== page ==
Take a look: somebody has ranked hybrid cars, based on how much money they save you. Your best hybrid buys, in order, are…drumroll please…
- The Toyota Prius,
- The Saturn Vue, and
- The Honda Civic.
Unfortunately, the ranking methods aren’t completely spelled out. But as far as I can tell, the author compares the price difference between a hybrid car and its non-hybrid mate, and compares the extra cost of the hybrid engine with the money drivers save on fuel. These 3 come up as the best hybrid buys.
Of course, the Prius (unlike most other cars of its ilk) was built as a hybrid from the ground up, so it doesn’t have a non-hybrid version. But it still won top honors. Here’s what they say about the Prius:
After seven years on the market, the Prius is still the best hybrid for people who just plain want to burn less gas. It’s arguably also the best for people who hope to save money in the long run. Built from scratch as a hybrid, it maximizes interior space and offers a roomy cargo hatch, whereas hybrid sedans tend to diminish trunk space and/or eliminate folding backseats. There is no gas-only version, but there doesn’t have to be. It’s both the most efficient and most affordable hybrid out there.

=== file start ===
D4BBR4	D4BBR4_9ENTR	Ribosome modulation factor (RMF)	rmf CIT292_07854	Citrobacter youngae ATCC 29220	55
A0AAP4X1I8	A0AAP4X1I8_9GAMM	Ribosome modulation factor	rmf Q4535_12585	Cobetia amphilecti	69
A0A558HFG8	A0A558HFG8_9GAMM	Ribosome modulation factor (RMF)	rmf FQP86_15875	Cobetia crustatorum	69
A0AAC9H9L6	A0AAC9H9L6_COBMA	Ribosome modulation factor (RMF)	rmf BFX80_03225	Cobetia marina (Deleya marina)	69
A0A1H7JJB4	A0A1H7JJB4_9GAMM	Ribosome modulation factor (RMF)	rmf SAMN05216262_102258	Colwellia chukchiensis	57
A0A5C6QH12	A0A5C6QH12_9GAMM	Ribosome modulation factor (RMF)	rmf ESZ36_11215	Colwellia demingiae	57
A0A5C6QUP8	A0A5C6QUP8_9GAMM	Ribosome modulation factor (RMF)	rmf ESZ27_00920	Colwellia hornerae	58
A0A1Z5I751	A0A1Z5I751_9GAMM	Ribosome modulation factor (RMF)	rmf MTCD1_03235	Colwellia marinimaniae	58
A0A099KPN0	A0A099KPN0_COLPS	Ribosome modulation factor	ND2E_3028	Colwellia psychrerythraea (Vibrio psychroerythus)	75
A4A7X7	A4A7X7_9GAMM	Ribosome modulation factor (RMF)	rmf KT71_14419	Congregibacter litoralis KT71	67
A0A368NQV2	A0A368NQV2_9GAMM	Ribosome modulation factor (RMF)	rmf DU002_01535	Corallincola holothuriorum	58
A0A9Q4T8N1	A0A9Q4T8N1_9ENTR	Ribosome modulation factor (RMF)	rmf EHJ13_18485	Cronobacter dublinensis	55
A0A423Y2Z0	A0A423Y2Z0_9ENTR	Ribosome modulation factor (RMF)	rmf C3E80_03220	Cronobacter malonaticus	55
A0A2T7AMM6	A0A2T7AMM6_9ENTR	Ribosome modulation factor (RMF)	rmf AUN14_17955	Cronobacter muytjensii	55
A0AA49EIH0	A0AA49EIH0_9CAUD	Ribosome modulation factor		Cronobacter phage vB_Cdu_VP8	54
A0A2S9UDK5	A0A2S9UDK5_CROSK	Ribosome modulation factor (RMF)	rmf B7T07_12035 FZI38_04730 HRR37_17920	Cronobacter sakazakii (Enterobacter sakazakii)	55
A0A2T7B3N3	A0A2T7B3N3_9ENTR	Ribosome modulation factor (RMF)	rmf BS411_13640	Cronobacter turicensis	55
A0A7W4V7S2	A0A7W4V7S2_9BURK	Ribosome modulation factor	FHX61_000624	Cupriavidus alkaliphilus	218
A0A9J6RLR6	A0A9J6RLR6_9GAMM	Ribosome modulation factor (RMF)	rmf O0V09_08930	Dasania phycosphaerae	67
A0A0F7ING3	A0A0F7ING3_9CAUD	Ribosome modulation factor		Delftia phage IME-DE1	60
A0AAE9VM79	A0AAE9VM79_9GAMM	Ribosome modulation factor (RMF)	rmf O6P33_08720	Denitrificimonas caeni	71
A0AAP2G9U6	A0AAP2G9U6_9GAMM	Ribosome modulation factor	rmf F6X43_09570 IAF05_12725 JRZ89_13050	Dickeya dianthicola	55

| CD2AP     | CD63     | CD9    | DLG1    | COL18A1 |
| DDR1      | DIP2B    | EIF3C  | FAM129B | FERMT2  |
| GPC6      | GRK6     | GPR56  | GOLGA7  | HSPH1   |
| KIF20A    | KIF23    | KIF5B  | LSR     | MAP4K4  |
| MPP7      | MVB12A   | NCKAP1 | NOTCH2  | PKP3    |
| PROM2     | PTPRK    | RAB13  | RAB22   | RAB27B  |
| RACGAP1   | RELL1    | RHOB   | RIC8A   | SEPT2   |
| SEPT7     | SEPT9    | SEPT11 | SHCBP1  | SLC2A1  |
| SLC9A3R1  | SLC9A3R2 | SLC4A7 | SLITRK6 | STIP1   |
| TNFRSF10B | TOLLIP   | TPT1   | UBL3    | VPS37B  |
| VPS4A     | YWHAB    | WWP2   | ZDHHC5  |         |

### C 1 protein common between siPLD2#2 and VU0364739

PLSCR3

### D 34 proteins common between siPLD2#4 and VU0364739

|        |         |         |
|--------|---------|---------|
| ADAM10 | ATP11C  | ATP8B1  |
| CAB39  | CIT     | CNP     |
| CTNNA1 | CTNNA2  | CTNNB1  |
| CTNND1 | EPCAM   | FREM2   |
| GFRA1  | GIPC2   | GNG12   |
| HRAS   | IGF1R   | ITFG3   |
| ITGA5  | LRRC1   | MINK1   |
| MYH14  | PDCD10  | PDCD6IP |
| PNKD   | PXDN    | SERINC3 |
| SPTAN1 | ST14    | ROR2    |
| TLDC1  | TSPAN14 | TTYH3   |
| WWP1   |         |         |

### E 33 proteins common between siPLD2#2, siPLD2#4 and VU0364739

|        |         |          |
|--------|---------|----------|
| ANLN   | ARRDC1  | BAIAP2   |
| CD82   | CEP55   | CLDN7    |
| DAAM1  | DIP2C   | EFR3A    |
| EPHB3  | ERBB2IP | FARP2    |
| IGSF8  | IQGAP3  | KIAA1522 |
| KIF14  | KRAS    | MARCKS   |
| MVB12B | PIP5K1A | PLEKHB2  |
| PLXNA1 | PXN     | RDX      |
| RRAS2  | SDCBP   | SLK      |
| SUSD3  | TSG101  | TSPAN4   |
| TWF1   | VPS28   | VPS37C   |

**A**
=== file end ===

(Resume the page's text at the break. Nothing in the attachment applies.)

Sleuthing around a bit, I took a look at #2, the Saturn Vue Green Line, to see how its cost savings racked up, compared with the non-hybrid Vue.
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- The conventional Vue lists for $21,875, and EPA rates it at 19 mpg city, 26 mpg highway, or about 22 mpg on average.
- The hybrid Vue lists for $24,795, and its city/highway mpg rating is 25/32, or 28 mpg on average
Assuming 15,000 miles per year, $3.50/gallon gas, and that the EPA numbers are accurate, the hybrid version pays for itself in less than 6 years. After that, any gas savings are just gravy.
Which makes me wonder why someone wouldn’t opt for the hybrid version. Over the long run, it looks like to me like a real bargain.
That said, I can see why the average car buyer might hesitate about hybridizing their Vue. In theory, gas prices could fall; the hybrid could underperform its EPA ratings; battery replacement could pose an unexpected cost; and so on. So the extra $3 grand for the hybrid may feel like a risk.
But to me there’s just as much risk on the other side: gas prices could soar even higher, for example, as many analysts expect. And as I reported last winter, hybrids (especially the Prius) are holding their value exceptionally well.
To me—and despite the higher purchase price of a hybrid—the real financial risk is to buy a gas guzzler. More and more, the hybrid seems like the safer bet.